You might not recognize the name Wendy Froud (née Midener), but in the world of movie effects and puppetry, she’s practically a legend. Froud was sought out by directors like Jim Henson early in her career and created countless iconic TV and movie creatures. She played a crucial role in the birth of animatronics, providing the puppet design for groundbreaking films The Empire Strikes Back, The Dark Crystal, and Labyrinth. A Froud original can go for $4,500, and her work even earned her one of pop culture’s greatest monikers: the Mother of Yoda. But in 1988, at the height of Froud’s career, the woman who helped create some of the world’s most beloved puppets seemingly vanished.
The legend of the music tree
The tale of The Tree is shrouded in equal parts bravado and nostalgia. Few people know it, and those who do seem to have their own, very particular take. What is certain is that the story begins in 1965 deep in the Chiquibul jungle, a remote and largely uncharted broadleaf rainforest in what was then British Honduras and is now Belize. It was there that a clutch of vagabond loggers scouting for timber happened upon an ancient mahogany tree. Mahogany had for centuries been that nation’s primary export, and was a popular target of poachers and smugglers. Few large mahogany trees remained, and this one was enormous—12 feet in diameter at its base, soaring 100 feet into the canopy. If not the most massive tree in the forest, it was certainly a contender for the title.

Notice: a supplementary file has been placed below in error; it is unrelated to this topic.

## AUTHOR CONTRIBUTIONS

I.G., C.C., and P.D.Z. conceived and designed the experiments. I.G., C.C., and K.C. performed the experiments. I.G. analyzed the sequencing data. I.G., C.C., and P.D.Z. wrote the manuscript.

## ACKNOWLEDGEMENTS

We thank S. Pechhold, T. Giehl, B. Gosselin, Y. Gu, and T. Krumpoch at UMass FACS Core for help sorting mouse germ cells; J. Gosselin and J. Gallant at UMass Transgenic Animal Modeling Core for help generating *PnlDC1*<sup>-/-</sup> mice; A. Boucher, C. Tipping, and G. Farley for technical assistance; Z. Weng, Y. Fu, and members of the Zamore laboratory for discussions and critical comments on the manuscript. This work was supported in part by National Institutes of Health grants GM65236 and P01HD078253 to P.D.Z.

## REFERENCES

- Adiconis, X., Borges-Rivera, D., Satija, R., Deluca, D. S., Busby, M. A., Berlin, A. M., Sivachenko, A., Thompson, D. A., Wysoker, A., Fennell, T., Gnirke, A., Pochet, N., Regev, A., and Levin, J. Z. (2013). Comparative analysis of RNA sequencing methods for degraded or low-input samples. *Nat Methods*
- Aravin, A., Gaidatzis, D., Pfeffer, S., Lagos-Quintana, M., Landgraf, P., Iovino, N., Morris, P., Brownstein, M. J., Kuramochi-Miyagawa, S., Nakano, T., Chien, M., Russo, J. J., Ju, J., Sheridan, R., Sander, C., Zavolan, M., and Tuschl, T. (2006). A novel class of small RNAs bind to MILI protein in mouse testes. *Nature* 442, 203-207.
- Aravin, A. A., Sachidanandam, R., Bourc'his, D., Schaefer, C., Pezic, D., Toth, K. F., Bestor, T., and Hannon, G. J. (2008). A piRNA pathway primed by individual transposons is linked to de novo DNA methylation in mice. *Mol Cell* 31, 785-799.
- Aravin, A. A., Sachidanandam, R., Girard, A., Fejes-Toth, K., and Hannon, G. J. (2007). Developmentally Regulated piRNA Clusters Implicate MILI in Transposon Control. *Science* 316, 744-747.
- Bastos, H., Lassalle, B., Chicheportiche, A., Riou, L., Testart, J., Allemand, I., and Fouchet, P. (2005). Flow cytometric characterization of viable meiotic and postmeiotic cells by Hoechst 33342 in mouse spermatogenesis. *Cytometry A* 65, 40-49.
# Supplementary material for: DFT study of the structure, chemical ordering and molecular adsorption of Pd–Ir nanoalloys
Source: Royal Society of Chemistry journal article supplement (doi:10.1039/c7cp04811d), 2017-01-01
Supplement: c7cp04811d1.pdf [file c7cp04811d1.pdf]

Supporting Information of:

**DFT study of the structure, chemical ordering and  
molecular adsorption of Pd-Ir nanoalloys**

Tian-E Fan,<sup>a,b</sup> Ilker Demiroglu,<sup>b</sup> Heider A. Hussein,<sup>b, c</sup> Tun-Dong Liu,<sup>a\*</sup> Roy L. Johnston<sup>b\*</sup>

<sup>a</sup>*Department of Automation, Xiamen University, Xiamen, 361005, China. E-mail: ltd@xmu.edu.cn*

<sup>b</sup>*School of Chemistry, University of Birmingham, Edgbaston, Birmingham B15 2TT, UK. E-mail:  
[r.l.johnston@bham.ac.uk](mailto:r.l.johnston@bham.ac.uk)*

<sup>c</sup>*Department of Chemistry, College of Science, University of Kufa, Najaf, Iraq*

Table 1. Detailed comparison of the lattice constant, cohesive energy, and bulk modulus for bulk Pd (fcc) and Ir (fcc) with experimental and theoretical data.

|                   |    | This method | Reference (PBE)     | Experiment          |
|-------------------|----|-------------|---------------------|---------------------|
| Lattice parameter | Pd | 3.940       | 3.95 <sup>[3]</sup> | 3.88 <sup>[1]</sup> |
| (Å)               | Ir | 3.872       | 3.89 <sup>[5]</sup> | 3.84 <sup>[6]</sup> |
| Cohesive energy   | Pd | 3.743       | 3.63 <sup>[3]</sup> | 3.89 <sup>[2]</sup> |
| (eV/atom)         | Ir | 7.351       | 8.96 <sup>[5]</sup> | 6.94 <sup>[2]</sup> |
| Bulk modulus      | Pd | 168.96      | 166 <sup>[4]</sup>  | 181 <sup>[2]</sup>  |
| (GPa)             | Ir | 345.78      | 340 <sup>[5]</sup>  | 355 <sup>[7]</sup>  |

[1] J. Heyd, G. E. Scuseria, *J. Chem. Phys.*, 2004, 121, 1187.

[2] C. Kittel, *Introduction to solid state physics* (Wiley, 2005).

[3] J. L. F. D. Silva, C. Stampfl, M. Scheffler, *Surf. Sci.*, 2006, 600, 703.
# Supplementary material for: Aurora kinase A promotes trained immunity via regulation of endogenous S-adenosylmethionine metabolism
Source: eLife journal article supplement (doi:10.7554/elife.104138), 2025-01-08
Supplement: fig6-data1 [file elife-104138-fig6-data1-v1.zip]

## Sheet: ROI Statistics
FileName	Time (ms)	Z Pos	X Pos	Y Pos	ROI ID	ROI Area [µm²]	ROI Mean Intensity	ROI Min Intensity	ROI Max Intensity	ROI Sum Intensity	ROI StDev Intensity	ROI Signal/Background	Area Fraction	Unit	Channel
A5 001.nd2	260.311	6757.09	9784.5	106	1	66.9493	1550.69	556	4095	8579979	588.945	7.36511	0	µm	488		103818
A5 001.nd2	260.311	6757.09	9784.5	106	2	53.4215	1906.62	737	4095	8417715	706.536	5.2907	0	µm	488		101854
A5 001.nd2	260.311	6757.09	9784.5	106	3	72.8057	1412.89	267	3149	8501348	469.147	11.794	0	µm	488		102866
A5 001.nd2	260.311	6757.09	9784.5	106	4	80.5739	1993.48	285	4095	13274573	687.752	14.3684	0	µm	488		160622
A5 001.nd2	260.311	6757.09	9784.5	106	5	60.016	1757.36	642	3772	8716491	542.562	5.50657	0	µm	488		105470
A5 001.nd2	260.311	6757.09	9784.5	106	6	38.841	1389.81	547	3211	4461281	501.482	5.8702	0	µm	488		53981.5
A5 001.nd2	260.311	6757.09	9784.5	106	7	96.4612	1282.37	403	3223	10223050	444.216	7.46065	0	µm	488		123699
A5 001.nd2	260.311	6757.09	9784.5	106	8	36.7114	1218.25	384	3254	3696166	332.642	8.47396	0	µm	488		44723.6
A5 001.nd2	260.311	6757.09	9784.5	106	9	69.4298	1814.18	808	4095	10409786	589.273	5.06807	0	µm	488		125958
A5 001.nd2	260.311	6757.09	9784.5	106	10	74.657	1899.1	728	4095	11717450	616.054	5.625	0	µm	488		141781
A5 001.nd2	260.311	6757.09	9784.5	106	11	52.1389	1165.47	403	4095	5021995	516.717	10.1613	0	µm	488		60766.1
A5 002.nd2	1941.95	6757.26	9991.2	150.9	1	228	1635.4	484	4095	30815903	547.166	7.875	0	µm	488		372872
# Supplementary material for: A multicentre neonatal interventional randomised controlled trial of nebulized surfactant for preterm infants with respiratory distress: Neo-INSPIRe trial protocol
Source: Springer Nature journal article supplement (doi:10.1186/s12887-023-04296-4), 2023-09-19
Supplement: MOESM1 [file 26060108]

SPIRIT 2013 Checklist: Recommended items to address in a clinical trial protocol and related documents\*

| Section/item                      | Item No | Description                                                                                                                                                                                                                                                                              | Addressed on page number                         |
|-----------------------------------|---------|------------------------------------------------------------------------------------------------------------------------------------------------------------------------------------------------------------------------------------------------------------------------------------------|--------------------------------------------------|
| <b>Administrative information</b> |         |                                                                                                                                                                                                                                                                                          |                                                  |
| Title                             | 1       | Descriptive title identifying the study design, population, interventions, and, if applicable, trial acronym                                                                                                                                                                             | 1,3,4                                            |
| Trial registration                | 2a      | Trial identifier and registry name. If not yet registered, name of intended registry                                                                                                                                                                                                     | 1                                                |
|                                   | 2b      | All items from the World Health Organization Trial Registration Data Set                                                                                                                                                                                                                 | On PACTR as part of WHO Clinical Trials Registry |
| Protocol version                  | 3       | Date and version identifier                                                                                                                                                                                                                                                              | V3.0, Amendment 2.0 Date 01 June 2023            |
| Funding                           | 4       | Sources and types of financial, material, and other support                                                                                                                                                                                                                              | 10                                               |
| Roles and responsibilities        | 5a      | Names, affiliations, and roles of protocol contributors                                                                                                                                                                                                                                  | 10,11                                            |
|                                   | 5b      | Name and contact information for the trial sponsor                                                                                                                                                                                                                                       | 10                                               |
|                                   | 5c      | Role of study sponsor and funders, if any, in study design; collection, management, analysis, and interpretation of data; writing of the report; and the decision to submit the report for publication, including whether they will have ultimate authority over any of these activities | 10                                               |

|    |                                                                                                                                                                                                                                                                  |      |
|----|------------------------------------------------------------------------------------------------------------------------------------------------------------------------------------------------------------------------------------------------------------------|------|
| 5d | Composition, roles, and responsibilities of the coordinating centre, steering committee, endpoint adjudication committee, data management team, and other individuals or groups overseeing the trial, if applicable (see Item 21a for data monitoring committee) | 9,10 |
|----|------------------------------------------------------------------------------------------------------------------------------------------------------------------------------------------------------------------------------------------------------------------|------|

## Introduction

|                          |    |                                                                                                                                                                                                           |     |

The sun is not yet up when Boots O’Neal starts his workday. As the 89-year-old cowboy readies his mount in the predawn quiet, he stuffs his hands into well-worn leather gloves. He pulls down his silverbelly hat and grunts his way onto the saddle, planting his tall-topped boots in the stirrups. The horse he’s riding today is a dark sorrel named Cool. This morning’s chore: Boots and his coworkers must round up some two dozen bulls scattered across a vast grazing pasture, drive them to a set of pens about a mile away, and load them into a livestock trailer so they can be hauled to another division of the Four Sixes, the legendary West Texas ranch that sprawls across 260,000 acres.
The curious case of the Stone Age fossil known as Nebraska man
In 1917, the year the United States entered World War I, a rancher named Harold Cook assisted paleontologists from the Denver Museum and the American Museum in digs at fossil beds along Snake Creek, some 20 miles south of his family’s ranch. Whether he picked up the tooth while scouting for those excavations, during one of them, or sometime after, he never said. But Cook believed he had found something truly special. Based on his knowledge of fossils, he suspected that the tooth belonged to a primate, and not a mere monkey—an ape perhaps. An even more tantalizing prospect was that the tooth belonged to an early human. Cook was correct about one thing: The tooth was important. But it would become part of history in a way he never imagined.